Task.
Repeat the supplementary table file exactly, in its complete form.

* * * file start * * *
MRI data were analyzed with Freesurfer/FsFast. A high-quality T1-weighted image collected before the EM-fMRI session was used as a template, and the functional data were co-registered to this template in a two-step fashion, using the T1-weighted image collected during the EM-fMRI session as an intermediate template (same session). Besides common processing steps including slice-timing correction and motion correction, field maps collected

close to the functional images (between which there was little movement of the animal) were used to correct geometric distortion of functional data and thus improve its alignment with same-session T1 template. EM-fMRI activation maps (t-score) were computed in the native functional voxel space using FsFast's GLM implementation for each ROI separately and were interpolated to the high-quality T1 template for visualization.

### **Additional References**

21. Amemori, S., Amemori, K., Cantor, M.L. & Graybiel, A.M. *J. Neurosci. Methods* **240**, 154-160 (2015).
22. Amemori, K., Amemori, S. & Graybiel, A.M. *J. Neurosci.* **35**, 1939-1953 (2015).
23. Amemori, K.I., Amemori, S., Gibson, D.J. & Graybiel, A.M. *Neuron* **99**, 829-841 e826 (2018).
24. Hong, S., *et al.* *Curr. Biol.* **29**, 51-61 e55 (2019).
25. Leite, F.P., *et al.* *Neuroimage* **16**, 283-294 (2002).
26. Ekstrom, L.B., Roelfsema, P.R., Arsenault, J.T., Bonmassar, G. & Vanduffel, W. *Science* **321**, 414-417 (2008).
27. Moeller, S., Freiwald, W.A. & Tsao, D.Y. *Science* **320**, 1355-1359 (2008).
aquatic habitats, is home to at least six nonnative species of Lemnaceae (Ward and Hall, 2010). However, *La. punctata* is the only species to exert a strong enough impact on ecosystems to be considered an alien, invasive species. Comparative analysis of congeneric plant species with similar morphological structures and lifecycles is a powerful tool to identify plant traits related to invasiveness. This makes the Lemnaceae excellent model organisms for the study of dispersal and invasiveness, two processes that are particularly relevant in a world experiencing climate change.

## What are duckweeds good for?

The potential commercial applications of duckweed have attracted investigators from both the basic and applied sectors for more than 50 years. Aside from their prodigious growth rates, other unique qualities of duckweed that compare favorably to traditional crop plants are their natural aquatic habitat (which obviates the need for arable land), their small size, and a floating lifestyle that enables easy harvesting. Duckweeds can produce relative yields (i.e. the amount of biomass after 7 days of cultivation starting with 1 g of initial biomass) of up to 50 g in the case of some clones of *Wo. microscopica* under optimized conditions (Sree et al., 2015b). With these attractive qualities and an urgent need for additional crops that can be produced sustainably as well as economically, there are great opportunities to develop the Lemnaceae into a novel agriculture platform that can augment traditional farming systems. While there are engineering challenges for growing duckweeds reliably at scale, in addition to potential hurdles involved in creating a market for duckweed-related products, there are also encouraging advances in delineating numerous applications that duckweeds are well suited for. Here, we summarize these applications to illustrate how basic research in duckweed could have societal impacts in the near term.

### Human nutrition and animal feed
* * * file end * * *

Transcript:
MRI data were analyzed with Freesurfer/FsFast. A high-quality T1-weighted image collected before the EM-fMRI session was used as a template, and the functional data were co-registered to this template in a two-step fashion, using the T1-weighted image collected during the EM-fMRI session as an intermediate template (same session). Besides common processing steps including slice-timing correction and motion correction, field maps collected

close to the functional images (between which there was little movement of the animal) were used to correct geometric distortion of functional data and thus improve its alignment with same-session T1 template. EM-fMRI activation maps (t-score) were computed in the native functional voxel space using FsFast's GLM implementation for each ROI separately and were interpolated to the high-quality T1 template for visualization.

### **Additional References**

21. Amemori, S., Amemori, K., Cantor, M.L. & Graybiel, A.M. *J. Neurosci. Methods* **240**, 154-160 (2015).
22. Amemori, K., Amemori, S. & Graybiel, A.M. *J. Neurosci.* **35**, 1939-1953 (2015).
23. Amemori, K.I., Amemori, S., Gibson, D.J. & Graybiel, A.M. *Neuron* **99**, 829-841 e826 (2018).
24. Hong, S., *et al.* *Curr. Biol.* **29**, 51-61 e55 (2019).
25. Leite, F.P., *et al.* *Neuroimage* **16**, 283-294 (2002).
26. Ekstrom, L.B., Roelfsema, P.R., Arsenault, J.T., Bonmassar, G. & Vanduffel, W. *Science* **321**, 414-417 (2008).
27. Moeller, S., Freiwald, W.A. & Tsao, D.Y. *Science* **320**, 1355-1359 (2008).
aquatic habitats, is home to at least six nonnative species of Lemnaceae (Ward and Hall, 2010). However, *La. punctata* is the only species to exert a strong enough impact on ecosystems to be considered an alien, invasive species. Comparative analysis of congeneric plant species with similar morphological structures and lifecycles is a powerful tool to identify plant traits related to invasiveness. This makes the Lemnaceae excellent model organisms for the study of dispersal and invasiveness, two processes that are particularly relevant in a world experiencing climate change.

## What are duckweeds good for?

The potential commercial applications of duckweed have attracted investigators from both the basic and applied sectors for more than 50 years. Aside from their prodigious growth rates, other unique qualities of duckweed that compare favorably to traditional crop plants are their natural aquatic habitat (which obviates the need for arable land), their small size, and a floating lifestyle that enables easy harvesting. Duckweeds can produce relative yields (i.e. the amount of biomass after 7 days of cultivation starting with 1 g of initial biomass) of up to 50 g in the case of some clones of *Wo. microscopica* under optimized conditions (Sree et al., 2015b). With these attractive qualities and an urgent need for additional crops that can be produced sustainably as well as economically, there are great opportunities to develop the Lemnaceae into a novel agriculture platform that can augment traditional farming systems. While there are engineering challenges for growing duckweeds reliably at scale, in addition to potential hurdles involved in creating a market for duckweed-related products, there are also encouraging advances in delineating numerous applications that duckweeds are well suited for. Here, we summarize these applications to illustrate how basic research in duckweed could have societal impacts in the near term.

### Human nutrition and animal feed